Broadcast Signal Intrusion (2021)

Quick Synopsis: In the late 1990s, a video archivist unearths a series of sinister pirate broadcasts and becomes obsessed with uncovering the conspiracy behind them.

To start, I should clarify the title, it refers to when someone hijacks a television or radio signal to broadcast something. So when I refer to an intrusion, that’s what I mean. For a real life instance of it, look up the Max Headroom incident. I mentioned that to both explain the concept of signal intrusions, and also to explain the “Max Headf*ck” excerpt I used. It wasn’t just me being crude, it was actually a super pretentious reference.

That’s not better is it?

These reviews are personal opinion. They always have been, and I’ve made no attempt to hide or deny that. That’s why some films which aren’t technically great get worse reviews than others. It’s why stuff like Table 19 (Rotten Tomatoes Score: 26%) receives a more positive review than Don’t Breathe (Rotten Tomatoes: 88%). There are some films which I just don’t gel with. Movies are all about preference, there’s no point in me recommending a film to someone if I know they won’t like it, just because “it’s directed really well”. I say all of that to preface this: there are some people who absolutely love this film and consider it one of the best horror films of the year, but I’m not among those people.

I get what the film is going for, and it has moments of true greatness. Everybody involved is obviously incredibly talented, it does a lot of things better than most horror films. I particularly like how it displays the film title on colour bars on-screen within the film. I don’t know why but I like when films make the title card exist within the film itself. I’m also a fan of how it used sound, particularly in the intrusions themselves, where there’s almost a wall of sound that the audience is banging its head against. The intrusions themselves are genuinely creepy and disturbing, which is always good. This film also creates a really compelling story and mystery that you want to find out.

That’s where it let me down. It is so concerned with being mysterious and asking questions, that it doesn’t answer those questions. You can get away with that if it’s a weird and esoteric film, but this is mostly normal (with the exception of intrusions). If it went into weirdness more then the lack of a cohesive narrative would have been acceptable. I’ll clarify what I mean by “lack of cohesive narrative”, it’s possible to describe this plot in a way that makes sense, but it involves missing out on a lot of the details. Details like “who made that phone call?”, “Where did that character go?” etc. So the synopsis makes sense, but the plot does not. I know some people like mystery, and I do at times, but not when it’s like this. Mysteries should enhance a film, not be used as an excuse to not answer questions. I recently watched the rerelease of the classic John Carpenter version of The Thing. That ends with an unanswered question: are both the characters still human? That’s a question that people have discussed for years. But if the film started with that question, and had a spooky voice stop the characters from making progress in answering it, then it would be annoying.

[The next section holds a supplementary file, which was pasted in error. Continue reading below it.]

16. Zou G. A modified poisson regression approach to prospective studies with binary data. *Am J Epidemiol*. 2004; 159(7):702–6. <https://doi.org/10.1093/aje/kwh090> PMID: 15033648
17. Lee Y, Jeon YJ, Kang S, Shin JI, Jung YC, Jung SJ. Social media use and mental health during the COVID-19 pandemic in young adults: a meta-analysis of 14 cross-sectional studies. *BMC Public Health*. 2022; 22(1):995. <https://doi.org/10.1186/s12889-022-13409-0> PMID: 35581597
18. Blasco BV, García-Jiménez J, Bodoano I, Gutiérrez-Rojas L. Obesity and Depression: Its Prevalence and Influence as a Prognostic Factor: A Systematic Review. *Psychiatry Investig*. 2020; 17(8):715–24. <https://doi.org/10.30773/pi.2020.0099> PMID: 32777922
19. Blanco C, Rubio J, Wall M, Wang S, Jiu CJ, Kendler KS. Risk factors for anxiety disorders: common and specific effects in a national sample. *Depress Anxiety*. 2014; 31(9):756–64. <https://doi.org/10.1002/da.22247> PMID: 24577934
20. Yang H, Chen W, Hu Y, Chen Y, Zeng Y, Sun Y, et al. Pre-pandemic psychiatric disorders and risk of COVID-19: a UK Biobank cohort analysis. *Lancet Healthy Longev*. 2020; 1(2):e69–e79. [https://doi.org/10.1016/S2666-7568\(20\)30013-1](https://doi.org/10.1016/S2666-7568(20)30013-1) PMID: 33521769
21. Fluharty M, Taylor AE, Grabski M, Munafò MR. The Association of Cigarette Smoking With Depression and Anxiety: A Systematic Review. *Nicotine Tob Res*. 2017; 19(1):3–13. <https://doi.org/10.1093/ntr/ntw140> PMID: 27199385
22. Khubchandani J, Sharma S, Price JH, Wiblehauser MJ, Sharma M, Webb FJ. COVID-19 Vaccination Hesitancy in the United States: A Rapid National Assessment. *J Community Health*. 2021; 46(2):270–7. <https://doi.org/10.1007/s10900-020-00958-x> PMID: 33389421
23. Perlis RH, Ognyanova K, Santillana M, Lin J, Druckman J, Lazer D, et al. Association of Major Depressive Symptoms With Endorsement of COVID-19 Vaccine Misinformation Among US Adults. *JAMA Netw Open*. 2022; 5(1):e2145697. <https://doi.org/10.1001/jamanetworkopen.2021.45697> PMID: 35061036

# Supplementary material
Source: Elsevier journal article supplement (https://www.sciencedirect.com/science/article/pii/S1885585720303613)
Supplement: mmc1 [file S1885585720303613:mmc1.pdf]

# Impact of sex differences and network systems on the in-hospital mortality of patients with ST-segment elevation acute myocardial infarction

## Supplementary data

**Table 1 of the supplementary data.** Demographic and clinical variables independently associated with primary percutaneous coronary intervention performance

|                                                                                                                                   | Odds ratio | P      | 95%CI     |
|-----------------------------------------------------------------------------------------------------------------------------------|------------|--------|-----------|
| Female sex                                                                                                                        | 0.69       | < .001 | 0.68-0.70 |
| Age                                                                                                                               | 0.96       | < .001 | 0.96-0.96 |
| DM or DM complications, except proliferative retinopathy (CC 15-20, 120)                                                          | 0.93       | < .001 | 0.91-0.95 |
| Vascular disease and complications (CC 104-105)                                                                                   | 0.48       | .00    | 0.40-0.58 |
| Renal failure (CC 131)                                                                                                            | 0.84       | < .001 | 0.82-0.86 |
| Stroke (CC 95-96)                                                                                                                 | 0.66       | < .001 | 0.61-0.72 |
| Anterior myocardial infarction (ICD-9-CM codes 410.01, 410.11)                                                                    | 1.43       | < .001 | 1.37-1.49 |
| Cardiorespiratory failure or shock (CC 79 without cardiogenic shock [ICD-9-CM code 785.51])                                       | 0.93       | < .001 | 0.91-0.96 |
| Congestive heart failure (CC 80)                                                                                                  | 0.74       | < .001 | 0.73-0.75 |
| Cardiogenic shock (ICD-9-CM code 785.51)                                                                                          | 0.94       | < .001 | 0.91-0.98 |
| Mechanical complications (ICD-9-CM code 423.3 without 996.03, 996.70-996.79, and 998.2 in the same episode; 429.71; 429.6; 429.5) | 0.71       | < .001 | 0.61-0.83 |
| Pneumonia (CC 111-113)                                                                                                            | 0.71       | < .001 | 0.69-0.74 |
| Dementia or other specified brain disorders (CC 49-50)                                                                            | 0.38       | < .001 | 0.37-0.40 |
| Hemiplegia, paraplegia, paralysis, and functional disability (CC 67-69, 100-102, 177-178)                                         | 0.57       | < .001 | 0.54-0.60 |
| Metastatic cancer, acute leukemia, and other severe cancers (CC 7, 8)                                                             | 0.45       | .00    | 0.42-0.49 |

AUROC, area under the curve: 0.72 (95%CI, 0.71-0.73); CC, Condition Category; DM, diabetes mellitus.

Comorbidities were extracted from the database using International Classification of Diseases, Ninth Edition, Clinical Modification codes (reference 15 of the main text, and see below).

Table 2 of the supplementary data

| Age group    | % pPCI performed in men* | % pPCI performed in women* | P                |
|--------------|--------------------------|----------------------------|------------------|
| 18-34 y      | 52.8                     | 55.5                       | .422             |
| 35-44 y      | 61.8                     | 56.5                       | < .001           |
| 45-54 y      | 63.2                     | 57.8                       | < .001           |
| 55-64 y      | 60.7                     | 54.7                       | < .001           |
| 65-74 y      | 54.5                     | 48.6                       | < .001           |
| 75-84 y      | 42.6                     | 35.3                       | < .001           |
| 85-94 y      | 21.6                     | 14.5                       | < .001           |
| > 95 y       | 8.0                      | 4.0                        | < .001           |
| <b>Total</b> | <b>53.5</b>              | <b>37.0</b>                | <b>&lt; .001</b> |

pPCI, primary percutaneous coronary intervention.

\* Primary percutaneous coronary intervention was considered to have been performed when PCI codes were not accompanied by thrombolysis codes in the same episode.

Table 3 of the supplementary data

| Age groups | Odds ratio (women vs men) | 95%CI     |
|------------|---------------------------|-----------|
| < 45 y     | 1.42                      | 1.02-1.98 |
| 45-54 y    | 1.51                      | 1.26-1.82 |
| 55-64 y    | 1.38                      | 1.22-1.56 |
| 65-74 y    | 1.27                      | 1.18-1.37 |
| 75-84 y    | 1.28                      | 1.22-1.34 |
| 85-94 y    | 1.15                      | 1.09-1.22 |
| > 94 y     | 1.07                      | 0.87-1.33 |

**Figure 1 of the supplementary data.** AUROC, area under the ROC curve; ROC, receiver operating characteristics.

It’s not helped by how reminiscent it is of last year’s Censor. It’s not close enough that it feels like the same movie, but it is close enough that comparisons are inevitable. It’s a bit like someone took the script of Censor, played Chinese Whispers with it, and then made a film of the resultant script. It’s bad luck as I think they were developed around the same time, so there’s no way they influenced each other, it’s just bad timing on my part to have seen that first. I do feel bad about comparing the two, but I think part of that is due to how disappointed I am with this film in general. I love the unique idea of it, and the performances are all fantastic. Harry Shum Jr will get the plaudits, and rightfully so, but I feel you can’t ignore how talented Kelley Mack and Jennifer Jelsema are when they’re on screen. Mack, in particular, has a very bright future if she can pull off more performances like this. That’s what this film is to me, a possible footnote in a future favourite film. Jacob Gentry directs it wonderfully, and his choice of jazz music for a lot of it instead of a more traditional horror movie score is inspired.

If you’re a fan of more esoteric, dreamlike cinema, then you’ll appreciate this. If you prefer more straightforward watching, then I’d say avoid this as you’ll find it frustrating.

Nope (2022)

Quick Synopsis: Aliens

Time changes a film. Despite the fact I have only watched it once, my opinions on IT: Chapter 2 are very different now than they are when I left the cinema after seeing it. Now I’ve had time for the mistakes of that film to bounce around my head a bit more, the inconsistencies in plotting have made themselves known. I have the opposite feeling with this film, I came out thinking “that was okay”, and if I reviewed it immediately, or even that day, this review would mostly be about how disappointed I was with it, how I’m worried Peele has slightly lost it and the lack of a big twist and that special “something” let it down, that the film veered off into strange diversions that just slowed the plot down.